For the best treatment outcome, be sure to remember to take your medication every single day and try to take it at about the same time each day, too.
5. Take Medications on an Empty Stomach
Your body will better absorb thyroid medication when taken on an empty stomach. After taking your medication, wait at least an hour before eating or drinking anything, other than water. If taking medications at bedtime, wait for at least three to four hours after your last meal before taking your pill.
Avoid These 4 Mistakes When Taking Thyroid Medication
1. Starting or Stopping Other Medications without Asking Your Doctor
Consistency is the key to effective hypothyroid treatment. It is advisable to use a solution to track and – if needed – remind of pills.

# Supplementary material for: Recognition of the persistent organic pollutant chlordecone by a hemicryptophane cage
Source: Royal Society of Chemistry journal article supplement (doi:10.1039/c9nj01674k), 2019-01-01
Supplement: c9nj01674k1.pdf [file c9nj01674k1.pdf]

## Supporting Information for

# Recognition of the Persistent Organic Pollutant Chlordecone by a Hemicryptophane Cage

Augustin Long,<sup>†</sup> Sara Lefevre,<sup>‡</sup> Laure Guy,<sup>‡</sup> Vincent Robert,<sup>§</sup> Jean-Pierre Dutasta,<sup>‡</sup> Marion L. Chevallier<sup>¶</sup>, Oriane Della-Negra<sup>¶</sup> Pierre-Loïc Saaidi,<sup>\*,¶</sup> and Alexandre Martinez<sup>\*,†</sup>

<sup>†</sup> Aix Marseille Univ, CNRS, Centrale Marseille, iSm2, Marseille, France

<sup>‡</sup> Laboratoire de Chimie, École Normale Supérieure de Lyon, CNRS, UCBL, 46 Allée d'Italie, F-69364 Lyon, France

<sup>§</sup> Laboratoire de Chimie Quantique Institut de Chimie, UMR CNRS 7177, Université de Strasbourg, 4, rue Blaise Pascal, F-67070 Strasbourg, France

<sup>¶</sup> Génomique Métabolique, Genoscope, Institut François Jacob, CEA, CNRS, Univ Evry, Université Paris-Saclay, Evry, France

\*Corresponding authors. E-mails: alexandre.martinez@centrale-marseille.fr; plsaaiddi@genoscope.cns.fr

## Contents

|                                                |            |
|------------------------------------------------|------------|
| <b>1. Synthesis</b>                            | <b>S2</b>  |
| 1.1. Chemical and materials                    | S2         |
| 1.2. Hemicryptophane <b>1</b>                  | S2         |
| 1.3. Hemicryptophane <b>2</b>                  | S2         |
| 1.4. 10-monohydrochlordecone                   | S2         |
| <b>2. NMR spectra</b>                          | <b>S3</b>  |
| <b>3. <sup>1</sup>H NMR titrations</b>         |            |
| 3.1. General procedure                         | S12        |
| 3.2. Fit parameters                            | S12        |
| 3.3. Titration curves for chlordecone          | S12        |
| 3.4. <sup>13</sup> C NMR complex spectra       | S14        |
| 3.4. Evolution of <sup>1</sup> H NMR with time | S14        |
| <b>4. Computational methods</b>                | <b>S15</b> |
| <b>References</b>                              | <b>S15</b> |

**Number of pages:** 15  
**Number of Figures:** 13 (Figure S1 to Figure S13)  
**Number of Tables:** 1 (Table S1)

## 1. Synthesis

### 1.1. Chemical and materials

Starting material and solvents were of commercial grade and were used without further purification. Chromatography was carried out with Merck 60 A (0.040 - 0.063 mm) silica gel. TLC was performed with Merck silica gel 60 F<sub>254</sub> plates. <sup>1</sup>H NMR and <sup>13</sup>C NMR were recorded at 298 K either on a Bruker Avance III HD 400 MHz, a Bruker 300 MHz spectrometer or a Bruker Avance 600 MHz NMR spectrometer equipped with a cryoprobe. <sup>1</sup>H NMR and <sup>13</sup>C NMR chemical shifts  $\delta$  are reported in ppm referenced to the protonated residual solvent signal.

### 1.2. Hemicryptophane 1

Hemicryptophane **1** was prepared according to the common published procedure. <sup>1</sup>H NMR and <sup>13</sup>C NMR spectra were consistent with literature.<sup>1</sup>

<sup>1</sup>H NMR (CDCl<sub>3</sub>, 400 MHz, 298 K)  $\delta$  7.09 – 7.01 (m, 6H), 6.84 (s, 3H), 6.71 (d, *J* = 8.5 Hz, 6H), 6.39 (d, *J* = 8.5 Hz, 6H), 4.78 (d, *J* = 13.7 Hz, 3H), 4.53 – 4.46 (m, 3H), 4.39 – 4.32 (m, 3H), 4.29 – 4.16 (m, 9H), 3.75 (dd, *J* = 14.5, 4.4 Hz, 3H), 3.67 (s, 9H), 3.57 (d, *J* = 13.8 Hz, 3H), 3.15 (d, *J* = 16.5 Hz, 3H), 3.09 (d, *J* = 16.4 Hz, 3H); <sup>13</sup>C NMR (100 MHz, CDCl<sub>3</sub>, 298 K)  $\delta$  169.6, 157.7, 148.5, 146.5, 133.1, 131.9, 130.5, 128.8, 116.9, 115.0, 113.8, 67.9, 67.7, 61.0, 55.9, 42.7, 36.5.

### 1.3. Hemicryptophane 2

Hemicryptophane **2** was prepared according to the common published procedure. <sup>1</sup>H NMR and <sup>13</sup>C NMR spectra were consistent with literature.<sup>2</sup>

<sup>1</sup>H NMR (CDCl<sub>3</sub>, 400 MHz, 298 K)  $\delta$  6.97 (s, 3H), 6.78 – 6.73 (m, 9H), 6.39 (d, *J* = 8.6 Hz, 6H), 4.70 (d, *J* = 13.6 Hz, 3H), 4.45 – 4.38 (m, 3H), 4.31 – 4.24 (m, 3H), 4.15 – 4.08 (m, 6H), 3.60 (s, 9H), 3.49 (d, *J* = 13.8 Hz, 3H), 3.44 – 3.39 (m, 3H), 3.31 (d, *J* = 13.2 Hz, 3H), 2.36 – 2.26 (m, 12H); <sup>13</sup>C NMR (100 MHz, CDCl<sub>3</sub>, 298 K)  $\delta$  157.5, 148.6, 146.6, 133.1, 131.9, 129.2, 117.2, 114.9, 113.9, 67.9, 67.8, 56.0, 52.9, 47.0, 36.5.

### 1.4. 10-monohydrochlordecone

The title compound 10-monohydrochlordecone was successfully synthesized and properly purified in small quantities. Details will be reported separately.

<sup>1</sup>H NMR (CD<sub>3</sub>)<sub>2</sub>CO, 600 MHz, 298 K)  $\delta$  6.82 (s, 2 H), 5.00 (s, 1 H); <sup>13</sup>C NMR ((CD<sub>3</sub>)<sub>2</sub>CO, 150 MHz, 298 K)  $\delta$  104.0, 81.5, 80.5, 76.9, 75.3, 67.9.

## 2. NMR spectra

Always ask your doctor before starting or stopping any medication or supplement.
2. Consuming Inconsistent Amounts of Fiber
Fiber intake affects the body’s ability to absorb thyroid medication. Sudden changes in the amount of fiber in your diet can adversely affect hypothyroid treatment.
3. Taking Medication with Coffee, Calcium, Iron and/or Iodine
All of these substances block the body’s ability to absorb thyroid medication. While it’s obvious to avoid supplements and foods containing these ingredients, also be wary of foods fortified with calcium and iron and calcium-rich antacid tablets.
4. Changing Brands without Your Doctor’s Consent
Sometimes insurance companies pay more on generic prescriptions, but there is actually a big difference between different brands of thyroid medication. Always speak with your doctor before switching medication brands and take all thyroid medications exactly as prescribed.
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In order to understand the answer to the question, “What is hypothyroidism?” you need a basic understanding of the thyroid gland and how it regulates your body. Your body contains many glands, and they are all responsible for regulating different systems throughout the body.